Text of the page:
Australian sporting identity Anthony Mundine has vowed to learn from New Zealand’s response to the Christchurch terror attack.
The Muslim former rugby league player and boxer flew to the heartbroken city to pay his respects to the 50 victims and many survivors of last week’s terror attacks.
He visited some of the wounded in hospital.
“I decided to fly to Christchurch this week because I feel it is my obligation as a Muslim to support those who are facing catastrophe and adversity,” he wrote for News Corp.
“That is our duty.
“I have met many survivors of the terrorist attack in Christchurch and I am amazed by their strength and resilience.”
Mundine met with members of the community at the Al Noor mosque where the first attack took place, after local businesses rallied to help reopen its doors on Friday.
He was later one of around 20,000 who took part in the call to prayer at the nearby Hagley Park.
The 43-year-old said he had been inspired by the nation’s response to the tragedy, including Ardern for “honouring Muslims in so many ways”.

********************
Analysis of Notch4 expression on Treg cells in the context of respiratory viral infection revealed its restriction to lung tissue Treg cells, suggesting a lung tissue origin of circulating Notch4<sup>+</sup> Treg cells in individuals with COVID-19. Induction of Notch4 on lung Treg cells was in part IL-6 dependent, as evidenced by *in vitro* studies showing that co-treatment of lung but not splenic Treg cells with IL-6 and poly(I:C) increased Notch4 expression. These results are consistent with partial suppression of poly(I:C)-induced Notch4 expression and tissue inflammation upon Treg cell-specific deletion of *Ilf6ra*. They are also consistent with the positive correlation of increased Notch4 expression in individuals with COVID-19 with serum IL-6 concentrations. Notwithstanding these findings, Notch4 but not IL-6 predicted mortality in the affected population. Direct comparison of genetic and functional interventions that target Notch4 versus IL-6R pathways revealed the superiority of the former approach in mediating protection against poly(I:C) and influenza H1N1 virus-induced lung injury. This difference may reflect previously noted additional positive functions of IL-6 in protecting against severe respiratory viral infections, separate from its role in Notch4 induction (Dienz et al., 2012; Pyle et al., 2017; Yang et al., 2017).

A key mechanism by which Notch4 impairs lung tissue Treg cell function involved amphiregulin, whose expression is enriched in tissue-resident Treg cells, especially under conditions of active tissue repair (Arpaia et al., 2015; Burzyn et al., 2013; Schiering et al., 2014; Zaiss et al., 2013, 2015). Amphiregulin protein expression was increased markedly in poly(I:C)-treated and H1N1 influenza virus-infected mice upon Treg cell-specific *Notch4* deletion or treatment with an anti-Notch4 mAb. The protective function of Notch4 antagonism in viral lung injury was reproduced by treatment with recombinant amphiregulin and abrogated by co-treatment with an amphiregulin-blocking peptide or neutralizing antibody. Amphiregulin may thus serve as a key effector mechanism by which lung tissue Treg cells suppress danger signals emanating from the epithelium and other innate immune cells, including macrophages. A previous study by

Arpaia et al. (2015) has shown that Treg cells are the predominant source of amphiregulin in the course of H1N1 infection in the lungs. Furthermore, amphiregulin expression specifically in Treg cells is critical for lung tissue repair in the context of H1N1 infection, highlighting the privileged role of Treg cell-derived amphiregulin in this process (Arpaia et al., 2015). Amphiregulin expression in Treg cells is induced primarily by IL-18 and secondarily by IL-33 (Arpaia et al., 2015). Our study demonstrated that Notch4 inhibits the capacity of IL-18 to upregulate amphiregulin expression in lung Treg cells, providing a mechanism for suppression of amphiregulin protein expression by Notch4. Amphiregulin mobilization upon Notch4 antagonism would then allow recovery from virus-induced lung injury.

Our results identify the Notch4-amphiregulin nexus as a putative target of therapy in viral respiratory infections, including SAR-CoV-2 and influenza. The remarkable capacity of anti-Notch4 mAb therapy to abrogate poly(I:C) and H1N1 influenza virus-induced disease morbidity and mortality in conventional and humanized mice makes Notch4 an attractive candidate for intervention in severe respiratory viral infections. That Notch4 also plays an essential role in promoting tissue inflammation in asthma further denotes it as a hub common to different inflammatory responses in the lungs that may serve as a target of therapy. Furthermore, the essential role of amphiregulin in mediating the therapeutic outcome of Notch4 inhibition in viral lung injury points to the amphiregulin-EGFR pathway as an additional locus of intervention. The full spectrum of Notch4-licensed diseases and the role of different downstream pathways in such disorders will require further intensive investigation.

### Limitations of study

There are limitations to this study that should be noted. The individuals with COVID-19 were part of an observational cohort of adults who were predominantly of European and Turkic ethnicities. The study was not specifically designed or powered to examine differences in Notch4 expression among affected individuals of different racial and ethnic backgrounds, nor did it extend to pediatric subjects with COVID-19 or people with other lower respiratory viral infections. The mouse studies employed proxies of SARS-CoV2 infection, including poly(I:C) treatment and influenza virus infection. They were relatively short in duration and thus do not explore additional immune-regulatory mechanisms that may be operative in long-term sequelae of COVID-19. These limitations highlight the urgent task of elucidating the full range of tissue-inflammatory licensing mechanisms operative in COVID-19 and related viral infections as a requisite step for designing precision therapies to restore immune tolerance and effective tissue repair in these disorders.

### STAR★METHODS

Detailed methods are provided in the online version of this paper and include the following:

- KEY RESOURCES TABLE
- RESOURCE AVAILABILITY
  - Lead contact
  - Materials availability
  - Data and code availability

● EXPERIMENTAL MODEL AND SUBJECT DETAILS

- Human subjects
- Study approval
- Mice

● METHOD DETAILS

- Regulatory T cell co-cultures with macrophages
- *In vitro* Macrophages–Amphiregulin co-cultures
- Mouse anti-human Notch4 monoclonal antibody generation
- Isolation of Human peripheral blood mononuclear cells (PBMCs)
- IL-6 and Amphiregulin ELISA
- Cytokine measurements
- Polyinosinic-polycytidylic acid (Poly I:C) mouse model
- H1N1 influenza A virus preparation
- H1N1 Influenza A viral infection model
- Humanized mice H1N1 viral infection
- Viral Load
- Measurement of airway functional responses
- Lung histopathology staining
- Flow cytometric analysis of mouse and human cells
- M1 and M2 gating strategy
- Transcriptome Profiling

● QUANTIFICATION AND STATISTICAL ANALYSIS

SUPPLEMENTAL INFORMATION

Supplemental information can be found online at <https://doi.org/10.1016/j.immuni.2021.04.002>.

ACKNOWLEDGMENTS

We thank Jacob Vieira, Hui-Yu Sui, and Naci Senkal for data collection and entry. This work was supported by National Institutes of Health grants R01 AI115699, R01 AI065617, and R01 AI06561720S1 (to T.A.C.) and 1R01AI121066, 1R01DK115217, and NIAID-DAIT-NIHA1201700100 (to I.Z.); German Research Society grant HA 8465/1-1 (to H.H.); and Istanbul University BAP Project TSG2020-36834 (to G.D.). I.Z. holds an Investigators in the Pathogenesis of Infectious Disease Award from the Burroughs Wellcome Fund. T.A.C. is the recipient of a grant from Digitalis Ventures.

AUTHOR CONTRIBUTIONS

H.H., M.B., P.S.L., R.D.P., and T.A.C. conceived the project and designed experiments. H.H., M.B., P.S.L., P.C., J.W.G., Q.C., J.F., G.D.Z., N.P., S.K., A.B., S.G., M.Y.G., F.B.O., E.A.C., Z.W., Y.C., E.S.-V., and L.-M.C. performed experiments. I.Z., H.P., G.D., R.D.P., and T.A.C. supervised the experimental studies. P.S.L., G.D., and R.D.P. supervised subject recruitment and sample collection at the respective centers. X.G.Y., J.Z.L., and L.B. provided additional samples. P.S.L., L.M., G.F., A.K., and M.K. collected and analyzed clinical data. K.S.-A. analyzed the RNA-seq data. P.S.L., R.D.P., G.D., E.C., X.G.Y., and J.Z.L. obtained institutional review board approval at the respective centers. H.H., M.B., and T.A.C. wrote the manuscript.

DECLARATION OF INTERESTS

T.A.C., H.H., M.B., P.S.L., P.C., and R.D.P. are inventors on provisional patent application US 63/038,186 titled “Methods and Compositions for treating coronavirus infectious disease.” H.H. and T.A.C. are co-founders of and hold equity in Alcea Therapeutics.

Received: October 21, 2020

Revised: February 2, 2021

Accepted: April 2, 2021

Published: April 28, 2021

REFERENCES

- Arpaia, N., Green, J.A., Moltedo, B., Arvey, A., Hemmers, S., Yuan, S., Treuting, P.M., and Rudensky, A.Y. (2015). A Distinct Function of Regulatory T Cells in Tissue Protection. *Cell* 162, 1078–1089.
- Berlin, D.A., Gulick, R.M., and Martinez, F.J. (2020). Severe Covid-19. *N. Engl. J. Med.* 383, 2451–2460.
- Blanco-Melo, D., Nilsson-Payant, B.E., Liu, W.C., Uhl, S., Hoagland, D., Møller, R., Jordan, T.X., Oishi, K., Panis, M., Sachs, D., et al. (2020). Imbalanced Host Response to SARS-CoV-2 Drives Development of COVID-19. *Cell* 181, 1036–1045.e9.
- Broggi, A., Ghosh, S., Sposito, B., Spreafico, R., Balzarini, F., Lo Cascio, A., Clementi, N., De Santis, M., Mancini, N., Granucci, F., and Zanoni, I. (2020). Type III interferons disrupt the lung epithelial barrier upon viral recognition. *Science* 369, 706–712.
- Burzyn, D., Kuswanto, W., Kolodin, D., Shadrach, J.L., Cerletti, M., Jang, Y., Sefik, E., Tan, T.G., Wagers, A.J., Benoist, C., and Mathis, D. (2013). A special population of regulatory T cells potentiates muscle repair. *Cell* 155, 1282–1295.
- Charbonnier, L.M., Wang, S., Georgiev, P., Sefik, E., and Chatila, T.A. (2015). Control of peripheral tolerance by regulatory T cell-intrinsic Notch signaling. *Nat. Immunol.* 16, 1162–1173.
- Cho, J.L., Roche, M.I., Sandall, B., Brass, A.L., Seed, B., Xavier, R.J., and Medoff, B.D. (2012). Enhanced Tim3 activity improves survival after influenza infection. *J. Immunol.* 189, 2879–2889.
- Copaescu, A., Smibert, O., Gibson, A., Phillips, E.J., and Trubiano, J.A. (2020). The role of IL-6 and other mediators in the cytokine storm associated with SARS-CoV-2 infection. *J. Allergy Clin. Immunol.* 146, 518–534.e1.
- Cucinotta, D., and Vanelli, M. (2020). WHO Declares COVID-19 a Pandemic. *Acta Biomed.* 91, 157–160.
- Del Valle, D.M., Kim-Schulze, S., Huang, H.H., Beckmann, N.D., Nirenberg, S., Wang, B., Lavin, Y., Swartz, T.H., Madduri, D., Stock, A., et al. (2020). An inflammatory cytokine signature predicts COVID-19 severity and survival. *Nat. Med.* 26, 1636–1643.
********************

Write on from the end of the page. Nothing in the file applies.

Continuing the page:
The prime minister has been widely praised for her leadership across the past seven days.
“I wish Jacinda Ardern was Australia’s Prime Minister,” Mundine said.
“The amount of respect, honour, compassion and empathy she has shown to the Muslim people has touched my heart.
“If Scott Morrison, or any other Australian politician, had any respect they would have flown to New Zealand and acted like the big brother we’re supposed to be to our neighbours.”
Mundine promised to take Ardern’s “empathy and respect” for Muslims and Indigenous people with him back to Australia.
The prime minister was among those at the Hagley Park service.
“The Prophet Mohammed, sallallahu alaihi wasallam (Peace be upon Him) said: ‘The believers in mutual kindness, compassion and sympathy are just like one body,” she said in a short speech.
“When any part of the body suffers, the whole body feels pain. New Zealand mourns with you. We are one.”
Most victims of New Zealand’s worst mass shooting were migrants or refugees from countries such as Pakistan, India, Malaysia, Indonesia, Turkey, Somalia, Afghanistan and Bangladesh.
“We are broken-hearted, but we are not broken. We are alive, we are together, we are determined to not let anyone divide us,” Imam Gamal Fouda told the crowd, many wearing headscarves in support of the grieving Muslim community.
“To the families of the victims, your loved ones did not die in vain. Their blood has watered the seeds of hope,” he said in prayers broadcast nationally.